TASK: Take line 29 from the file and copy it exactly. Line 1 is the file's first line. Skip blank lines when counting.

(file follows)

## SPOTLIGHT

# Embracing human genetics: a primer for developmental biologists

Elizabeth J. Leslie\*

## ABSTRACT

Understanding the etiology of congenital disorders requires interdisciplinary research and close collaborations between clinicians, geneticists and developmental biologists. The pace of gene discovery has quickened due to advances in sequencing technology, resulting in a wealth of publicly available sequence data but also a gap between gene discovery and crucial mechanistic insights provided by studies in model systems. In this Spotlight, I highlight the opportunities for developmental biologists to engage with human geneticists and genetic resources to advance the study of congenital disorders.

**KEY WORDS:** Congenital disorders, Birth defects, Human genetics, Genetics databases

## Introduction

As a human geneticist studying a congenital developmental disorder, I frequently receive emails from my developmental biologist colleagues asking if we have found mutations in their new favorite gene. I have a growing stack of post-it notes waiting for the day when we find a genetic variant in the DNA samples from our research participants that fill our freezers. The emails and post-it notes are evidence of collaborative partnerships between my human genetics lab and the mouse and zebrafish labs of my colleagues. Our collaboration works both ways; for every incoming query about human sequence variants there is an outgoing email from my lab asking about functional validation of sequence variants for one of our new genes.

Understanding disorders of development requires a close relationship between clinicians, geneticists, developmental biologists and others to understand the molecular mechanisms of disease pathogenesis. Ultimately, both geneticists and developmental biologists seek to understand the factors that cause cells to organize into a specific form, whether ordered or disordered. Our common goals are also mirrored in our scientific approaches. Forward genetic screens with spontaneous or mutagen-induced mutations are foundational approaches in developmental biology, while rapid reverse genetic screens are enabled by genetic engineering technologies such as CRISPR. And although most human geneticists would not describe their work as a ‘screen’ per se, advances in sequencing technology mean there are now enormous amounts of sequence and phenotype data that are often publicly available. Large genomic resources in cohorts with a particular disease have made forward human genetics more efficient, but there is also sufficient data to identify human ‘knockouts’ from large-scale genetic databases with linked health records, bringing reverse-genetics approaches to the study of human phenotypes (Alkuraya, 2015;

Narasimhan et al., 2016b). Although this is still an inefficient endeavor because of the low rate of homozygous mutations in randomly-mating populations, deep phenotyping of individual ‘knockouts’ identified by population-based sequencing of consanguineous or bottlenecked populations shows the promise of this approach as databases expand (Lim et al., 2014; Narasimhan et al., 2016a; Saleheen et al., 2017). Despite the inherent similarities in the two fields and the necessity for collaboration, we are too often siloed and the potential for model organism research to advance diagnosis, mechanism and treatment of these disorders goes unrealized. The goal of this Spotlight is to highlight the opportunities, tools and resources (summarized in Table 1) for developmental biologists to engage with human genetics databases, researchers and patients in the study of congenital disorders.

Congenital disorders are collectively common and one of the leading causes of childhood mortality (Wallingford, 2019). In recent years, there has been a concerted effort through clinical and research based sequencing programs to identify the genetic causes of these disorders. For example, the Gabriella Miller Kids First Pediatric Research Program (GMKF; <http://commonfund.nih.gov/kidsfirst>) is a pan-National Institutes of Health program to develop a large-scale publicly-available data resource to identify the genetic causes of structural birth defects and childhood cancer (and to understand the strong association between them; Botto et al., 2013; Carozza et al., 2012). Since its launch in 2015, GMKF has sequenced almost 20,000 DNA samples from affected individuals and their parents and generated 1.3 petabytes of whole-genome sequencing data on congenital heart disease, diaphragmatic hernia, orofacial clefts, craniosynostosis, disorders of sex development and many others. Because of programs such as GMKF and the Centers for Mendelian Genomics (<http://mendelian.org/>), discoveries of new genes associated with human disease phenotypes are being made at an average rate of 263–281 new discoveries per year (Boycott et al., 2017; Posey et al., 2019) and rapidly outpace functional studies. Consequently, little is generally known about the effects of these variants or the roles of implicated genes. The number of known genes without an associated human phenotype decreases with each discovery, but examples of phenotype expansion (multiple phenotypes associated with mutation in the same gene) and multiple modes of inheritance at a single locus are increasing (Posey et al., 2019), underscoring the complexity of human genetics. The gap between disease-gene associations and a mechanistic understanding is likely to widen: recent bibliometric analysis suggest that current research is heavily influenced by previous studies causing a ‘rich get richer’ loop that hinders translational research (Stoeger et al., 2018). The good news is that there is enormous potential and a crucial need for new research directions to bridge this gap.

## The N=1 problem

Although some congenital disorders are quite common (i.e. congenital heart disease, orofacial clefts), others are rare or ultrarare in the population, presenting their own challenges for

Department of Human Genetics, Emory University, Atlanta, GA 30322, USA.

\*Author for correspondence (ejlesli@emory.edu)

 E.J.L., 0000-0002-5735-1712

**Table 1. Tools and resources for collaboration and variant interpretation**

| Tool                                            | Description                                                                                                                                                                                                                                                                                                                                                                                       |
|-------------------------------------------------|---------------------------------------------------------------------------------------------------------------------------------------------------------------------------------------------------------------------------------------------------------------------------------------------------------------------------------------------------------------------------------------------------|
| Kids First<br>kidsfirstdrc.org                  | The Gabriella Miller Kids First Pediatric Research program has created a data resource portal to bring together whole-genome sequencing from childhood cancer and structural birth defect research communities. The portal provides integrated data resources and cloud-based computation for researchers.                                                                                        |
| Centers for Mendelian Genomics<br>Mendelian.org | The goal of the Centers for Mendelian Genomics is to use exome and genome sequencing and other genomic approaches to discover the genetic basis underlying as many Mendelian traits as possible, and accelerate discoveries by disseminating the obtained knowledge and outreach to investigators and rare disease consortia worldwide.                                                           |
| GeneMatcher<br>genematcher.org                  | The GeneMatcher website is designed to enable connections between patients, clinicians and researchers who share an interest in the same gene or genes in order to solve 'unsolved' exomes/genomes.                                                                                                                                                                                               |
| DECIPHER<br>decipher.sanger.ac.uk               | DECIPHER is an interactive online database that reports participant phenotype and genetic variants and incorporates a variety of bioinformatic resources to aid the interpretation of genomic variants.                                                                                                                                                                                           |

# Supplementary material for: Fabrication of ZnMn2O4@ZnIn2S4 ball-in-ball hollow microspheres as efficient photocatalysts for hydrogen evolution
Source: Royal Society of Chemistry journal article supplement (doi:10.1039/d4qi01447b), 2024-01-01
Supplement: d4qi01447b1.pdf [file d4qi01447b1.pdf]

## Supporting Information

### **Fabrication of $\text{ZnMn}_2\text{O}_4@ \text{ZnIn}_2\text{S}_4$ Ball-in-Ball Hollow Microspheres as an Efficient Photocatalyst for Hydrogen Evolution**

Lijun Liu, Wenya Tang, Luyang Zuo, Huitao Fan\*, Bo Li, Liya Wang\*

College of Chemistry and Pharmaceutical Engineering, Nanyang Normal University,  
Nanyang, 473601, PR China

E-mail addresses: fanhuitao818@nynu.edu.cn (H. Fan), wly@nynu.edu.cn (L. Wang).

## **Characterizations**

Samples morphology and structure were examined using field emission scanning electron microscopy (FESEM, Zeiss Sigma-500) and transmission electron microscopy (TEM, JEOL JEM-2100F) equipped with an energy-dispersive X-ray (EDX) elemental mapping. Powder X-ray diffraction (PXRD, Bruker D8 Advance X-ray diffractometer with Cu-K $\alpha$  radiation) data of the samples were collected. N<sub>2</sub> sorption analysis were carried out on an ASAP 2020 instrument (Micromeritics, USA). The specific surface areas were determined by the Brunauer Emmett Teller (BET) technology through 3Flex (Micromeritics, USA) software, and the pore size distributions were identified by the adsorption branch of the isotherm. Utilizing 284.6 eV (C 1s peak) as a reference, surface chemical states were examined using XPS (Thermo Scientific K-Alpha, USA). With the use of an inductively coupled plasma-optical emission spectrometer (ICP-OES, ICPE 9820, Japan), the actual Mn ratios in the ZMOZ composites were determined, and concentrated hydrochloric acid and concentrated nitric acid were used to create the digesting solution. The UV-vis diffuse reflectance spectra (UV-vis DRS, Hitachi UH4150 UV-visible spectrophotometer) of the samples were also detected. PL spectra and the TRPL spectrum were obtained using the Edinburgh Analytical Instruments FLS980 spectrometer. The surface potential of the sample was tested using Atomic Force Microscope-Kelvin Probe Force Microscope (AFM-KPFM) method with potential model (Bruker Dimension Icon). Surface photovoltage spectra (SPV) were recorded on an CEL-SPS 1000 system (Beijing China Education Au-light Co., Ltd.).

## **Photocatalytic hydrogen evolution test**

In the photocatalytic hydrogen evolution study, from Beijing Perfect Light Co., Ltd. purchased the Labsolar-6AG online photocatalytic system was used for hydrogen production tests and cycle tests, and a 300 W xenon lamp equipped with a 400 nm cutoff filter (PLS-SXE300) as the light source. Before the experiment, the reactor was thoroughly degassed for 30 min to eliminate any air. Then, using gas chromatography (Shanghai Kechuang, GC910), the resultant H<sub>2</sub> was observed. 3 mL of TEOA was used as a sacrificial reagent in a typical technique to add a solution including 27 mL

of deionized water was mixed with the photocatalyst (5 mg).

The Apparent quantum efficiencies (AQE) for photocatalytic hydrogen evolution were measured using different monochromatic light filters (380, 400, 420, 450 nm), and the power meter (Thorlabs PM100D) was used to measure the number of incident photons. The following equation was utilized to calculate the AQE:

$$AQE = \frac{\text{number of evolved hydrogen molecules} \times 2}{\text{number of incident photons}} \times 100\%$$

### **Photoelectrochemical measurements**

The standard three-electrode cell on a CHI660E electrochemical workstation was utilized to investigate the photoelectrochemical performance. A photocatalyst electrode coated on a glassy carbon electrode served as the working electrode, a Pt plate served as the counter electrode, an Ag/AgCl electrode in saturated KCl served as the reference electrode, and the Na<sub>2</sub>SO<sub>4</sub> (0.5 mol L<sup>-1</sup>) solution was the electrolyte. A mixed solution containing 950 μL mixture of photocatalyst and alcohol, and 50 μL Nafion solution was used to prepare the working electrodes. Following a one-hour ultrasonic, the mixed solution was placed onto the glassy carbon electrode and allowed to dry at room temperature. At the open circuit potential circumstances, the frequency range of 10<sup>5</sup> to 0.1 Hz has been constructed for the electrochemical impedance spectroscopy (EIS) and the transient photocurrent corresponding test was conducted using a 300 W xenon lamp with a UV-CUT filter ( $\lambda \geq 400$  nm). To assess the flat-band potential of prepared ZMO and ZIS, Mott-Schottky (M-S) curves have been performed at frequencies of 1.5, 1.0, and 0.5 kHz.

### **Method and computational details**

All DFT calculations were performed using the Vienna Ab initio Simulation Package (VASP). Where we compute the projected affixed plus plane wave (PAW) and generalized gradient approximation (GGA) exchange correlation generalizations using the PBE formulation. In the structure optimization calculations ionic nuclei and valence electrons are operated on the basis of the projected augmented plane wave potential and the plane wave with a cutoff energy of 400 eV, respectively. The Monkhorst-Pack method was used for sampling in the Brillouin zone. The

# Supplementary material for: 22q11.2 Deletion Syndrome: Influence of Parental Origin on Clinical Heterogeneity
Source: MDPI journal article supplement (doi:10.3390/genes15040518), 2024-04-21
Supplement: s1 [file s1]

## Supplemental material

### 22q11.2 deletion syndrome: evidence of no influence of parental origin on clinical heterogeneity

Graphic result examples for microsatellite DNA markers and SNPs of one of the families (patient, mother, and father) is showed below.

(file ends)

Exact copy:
Lijun Liu, Wenya Tang, Luyang Zuo, Huitao Fan\*, Bo Li, Liya Wang\*